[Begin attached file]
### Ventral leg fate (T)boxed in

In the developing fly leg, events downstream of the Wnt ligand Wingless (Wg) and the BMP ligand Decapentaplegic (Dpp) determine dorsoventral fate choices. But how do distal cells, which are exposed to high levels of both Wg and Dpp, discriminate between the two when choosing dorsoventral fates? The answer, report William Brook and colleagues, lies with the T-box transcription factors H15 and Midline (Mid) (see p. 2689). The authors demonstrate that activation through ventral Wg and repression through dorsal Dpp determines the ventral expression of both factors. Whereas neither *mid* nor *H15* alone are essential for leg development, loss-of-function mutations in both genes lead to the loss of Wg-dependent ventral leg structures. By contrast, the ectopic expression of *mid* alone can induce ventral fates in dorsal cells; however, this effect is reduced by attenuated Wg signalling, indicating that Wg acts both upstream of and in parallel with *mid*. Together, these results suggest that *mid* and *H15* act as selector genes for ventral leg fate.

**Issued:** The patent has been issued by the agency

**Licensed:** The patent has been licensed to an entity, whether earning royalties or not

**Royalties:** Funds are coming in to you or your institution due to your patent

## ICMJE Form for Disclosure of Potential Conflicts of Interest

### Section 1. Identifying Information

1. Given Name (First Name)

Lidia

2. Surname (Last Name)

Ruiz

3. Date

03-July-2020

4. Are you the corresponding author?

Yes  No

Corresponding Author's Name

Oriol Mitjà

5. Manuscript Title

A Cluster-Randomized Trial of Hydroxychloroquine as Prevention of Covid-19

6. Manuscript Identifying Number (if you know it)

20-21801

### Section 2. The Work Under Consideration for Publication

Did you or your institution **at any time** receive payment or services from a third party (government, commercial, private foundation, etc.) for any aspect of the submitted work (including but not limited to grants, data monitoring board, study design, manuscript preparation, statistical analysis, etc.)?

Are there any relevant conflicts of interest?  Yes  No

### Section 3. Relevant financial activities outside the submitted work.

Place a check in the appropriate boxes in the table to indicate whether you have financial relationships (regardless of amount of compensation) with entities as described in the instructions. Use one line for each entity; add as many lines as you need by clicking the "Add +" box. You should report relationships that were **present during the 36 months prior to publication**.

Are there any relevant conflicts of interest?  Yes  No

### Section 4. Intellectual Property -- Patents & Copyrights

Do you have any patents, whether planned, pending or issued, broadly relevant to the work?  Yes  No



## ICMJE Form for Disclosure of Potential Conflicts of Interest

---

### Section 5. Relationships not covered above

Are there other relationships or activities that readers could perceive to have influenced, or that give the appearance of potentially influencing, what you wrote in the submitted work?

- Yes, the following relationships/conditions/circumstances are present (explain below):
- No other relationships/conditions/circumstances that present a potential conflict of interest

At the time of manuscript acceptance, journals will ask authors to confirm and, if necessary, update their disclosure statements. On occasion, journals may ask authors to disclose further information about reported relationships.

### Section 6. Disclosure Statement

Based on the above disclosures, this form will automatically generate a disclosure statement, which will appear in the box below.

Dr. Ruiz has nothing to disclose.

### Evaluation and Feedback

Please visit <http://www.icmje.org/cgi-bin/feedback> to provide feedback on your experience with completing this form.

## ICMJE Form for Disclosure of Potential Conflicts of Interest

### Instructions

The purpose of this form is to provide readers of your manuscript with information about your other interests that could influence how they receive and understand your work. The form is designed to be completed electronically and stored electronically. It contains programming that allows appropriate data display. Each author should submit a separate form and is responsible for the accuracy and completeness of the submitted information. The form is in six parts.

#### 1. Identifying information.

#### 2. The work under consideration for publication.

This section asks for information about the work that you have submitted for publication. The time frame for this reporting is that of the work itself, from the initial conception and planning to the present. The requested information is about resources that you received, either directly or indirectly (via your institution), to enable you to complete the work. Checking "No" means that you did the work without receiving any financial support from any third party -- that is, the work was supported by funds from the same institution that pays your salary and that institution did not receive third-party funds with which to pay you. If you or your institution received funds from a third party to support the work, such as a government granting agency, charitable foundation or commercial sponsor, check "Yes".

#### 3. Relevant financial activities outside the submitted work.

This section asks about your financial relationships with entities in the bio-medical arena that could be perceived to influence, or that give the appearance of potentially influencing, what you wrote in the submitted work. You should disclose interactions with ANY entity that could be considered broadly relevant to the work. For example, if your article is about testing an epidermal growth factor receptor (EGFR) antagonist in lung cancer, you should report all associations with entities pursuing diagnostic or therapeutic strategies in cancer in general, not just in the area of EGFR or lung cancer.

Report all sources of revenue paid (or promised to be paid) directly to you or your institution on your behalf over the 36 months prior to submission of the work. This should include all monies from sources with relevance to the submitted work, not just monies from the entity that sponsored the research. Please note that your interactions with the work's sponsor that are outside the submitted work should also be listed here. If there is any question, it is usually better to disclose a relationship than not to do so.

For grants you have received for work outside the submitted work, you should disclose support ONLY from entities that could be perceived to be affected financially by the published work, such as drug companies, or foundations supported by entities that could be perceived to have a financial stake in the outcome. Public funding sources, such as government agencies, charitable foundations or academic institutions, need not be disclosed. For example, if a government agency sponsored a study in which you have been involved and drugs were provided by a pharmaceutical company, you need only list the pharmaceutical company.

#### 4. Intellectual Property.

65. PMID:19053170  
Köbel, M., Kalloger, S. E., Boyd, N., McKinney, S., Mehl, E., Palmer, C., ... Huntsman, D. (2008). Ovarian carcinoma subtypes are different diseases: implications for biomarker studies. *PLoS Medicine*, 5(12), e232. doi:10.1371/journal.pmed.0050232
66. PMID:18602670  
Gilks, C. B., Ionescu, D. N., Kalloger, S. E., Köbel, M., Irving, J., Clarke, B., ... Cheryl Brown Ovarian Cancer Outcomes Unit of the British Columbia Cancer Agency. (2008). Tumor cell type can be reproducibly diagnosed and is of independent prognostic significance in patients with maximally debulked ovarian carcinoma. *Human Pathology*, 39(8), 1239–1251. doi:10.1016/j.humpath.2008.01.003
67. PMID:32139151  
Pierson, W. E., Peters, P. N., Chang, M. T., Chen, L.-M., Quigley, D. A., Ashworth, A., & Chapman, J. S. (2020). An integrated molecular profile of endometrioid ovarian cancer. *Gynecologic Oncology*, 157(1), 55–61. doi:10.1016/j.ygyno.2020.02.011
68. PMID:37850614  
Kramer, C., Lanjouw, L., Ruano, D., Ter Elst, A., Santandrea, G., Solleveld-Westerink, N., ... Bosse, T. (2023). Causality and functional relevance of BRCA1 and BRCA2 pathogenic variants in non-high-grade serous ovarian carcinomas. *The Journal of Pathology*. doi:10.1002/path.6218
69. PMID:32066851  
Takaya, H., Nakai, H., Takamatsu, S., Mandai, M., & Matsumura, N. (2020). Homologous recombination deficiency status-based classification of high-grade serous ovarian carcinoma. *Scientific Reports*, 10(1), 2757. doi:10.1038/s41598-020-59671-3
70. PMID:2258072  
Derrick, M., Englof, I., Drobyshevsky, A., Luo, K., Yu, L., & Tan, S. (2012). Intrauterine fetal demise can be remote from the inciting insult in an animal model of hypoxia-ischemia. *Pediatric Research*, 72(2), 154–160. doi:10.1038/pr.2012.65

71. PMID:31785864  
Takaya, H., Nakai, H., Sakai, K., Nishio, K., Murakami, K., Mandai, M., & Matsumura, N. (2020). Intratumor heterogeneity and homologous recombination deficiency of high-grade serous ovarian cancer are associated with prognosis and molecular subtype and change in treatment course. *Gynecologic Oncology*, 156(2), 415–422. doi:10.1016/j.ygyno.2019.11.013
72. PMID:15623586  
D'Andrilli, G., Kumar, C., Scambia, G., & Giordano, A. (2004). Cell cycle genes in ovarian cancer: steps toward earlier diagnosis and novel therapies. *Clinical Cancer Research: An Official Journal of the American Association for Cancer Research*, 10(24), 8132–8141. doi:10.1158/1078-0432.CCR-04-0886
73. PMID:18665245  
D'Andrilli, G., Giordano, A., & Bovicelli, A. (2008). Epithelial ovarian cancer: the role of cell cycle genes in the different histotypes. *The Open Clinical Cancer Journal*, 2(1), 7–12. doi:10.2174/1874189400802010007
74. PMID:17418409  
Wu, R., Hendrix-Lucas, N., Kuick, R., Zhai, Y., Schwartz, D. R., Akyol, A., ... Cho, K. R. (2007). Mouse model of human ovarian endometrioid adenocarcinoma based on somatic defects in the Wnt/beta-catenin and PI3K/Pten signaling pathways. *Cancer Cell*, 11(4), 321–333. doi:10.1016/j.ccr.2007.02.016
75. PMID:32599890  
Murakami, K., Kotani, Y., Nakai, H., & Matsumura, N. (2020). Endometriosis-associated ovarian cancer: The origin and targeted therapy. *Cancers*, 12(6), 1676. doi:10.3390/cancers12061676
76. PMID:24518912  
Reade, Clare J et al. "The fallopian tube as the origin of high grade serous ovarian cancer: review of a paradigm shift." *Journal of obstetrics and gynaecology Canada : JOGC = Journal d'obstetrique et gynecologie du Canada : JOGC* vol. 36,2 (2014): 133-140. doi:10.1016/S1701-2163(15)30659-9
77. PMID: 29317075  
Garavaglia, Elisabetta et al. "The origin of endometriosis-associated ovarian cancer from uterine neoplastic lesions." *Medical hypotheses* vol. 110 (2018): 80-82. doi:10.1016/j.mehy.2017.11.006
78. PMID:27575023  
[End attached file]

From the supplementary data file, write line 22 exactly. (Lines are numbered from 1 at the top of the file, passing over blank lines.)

### Section 2. The Work Under Consideration for Publication